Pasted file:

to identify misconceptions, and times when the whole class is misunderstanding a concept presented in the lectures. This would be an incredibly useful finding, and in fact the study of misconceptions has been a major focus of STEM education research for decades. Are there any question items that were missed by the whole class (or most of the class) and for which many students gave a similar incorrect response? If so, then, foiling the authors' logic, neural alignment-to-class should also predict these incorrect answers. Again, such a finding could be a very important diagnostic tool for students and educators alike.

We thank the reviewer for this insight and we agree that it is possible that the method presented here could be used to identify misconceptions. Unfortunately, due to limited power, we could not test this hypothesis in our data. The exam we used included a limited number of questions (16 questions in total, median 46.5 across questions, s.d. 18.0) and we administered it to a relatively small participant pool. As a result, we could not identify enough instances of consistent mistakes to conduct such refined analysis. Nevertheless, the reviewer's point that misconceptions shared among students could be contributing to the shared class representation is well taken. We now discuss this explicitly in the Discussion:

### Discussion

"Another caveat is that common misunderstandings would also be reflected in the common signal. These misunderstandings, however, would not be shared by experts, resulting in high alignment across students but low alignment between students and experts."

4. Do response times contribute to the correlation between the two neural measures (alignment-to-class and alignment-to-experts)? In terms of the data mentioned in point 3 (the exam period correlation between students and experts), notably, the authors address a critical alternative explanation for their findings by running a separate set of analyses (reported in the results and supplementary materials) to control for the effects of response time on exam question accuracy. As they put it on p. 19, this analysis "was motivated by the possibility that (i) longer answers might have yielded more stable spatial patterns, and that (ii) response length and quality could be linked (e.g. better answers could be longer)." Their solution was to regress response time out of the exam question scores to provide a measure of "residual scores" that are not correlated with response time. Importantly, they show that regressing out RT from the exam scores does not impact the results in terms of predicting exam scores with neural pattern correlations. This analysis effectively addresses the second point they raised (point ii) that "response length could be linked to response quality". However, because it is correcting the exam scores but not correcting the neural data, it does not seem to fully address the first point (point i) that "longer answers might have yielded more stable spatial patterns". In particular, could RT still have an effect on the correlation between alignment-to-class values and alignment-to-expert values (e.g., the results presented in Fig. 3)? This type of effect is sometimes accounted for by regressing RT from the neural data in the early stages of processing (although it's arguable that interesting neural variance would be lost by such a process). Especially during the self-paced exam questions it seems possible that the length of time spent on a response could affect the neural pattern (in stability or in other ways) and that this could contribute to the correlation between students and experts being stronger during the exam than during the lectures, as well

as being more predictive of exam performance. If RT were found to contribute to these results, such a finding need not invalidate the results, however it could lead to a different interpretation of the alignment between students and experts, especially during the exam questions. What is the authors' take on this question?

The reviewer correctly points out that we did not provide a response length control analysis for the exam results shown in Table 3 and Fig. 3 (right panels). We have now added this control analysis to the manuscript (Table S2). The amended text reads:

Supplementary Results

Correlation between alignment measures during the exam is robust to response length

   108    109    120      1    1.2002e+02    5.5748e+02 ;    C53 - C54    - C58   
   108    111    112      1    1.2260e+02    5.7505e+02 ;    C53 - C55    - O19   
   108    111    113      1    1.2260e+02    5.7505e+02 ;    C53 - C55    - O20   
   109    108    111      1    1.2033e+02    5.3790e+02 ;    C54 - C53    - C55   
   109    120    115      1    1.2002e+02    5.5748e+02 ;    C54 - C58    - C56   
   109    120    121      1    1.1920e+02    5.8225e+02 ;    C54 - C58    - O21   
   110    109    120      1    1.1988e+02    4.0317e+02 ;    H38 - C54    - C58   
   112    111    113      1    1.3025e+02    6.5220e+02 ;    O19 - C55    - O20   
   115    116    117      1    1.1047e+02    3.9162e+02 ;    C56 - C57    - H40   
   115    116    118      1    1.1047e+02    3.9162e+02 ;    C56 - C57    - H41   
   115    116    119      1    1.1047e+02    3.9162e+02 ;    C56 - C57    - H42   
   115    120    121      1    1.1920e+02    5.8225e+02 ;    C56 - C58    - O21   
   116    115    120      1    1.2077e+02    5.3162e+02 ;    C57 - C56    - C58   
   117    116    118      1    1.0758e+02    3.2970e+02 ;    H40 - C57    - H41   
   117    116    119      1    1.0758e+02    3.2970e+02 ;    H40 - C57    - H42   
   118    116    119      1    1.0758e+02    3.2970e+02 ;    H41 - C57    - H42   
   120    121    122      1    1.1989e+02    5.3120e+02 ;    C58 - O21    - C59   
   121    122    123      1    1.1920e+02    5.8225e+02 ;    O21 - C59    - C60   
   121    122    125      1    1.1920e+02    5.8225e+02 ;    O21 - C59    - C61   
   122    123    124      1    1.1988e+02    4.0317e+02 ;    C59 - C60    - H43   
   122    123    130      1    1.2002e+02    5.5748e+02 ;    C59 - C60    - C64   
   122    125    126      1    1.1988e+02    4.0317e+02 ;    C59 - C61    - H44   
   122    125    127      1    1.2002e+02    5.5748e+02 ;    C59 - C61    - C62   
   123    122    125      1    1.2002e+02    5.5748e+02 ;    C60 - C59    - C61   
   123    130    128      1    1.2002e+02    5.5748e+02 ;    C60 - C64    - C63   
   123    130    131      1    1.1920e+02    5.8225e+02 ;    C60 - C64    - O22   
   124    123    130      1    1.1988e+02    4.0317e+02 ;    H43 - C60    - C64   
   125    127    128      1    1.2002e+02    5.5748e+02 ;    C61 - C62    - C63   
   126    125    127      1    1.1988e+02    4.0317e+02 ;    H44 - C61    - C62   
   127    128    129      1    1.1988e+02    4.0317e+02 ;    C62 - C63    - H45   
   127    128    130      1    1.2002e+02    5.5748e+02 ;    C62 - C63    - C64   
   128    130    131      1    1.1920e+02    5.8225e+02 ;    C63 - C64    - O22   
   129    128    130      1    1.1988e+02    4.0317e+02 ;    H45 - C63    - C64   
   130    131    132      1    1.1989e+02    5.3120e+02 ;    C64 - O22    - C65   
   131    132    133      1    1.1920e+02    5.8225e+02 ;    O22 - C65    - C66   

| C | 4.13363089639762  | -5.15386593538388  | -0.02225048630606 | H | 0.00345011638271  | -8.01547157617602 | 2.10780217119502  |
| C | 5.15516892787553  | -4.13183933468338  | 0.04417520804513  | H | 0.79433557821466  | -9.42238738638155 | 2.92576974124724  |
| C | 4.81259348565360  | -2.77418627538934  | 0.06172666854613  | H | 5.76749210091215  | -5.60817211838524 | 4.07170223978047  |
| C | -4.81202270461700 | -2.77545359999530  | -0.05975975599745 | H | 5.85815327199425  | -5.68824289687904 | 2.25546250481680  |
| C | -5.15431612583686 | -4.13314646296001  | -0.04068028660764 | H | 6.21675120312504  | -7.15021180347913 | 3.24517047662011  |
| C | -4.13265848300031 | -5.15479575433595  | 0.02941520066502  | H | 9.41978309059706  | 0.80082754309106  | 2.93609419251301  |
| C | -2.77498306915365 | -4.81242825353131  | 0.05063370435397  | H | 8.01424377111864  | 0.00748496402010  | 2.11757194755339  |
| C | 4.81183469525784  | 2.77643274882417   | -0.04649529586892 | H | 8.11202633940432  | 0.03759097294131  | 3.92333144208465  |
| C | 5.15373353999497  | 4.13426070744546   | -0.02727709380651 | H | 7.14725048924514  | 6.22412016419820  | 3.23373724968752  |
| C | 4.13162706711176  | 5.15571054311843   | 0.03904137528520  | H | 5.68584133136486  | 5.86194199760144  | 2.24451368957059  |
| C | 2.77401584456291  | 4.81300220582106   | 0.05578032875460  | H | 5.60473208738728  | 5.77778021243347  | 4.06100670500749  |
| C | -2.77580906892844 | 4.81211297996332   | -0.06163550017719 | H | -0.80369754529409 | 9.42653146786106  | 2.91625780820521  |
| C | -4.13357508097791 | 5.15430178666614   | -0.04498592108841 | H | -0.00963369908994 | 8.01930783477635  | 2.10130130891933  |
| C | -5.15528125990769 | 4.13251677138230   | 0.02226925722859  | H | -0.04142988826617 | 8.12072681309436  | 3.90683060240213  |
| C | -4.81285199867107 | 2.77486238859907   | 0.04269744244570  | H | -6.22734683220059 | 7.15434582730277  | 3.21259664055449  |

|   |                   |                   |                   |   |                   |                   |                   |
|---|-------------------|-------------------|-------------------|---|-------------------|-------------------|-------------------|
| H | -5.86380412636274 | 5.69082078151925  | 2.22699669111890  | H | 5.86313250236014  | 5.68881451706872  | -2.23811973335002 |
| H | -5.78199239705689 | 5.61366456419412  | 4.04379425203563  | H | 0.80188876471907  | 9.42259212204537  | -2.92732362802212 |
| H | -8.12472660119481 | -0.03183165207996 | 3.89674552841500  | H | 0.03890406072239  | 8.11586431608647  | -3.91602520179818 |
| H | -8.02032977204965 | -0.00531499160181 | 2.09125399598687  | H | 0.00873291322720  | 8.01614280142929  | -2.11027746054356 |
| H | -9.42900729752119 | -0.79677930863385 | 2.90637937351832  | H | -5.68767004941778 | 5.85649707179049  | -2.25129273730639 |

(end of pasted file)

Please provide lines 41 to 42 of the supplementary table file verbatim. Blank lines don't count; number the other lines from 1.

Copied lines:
   128    130    131      1    1.1920e+02    5.8225e+02 ;    C63 - C64    - O22   
   129    128    130      1    1.1988e+02    4.0317e+02 ;    H45 - C63    - C64   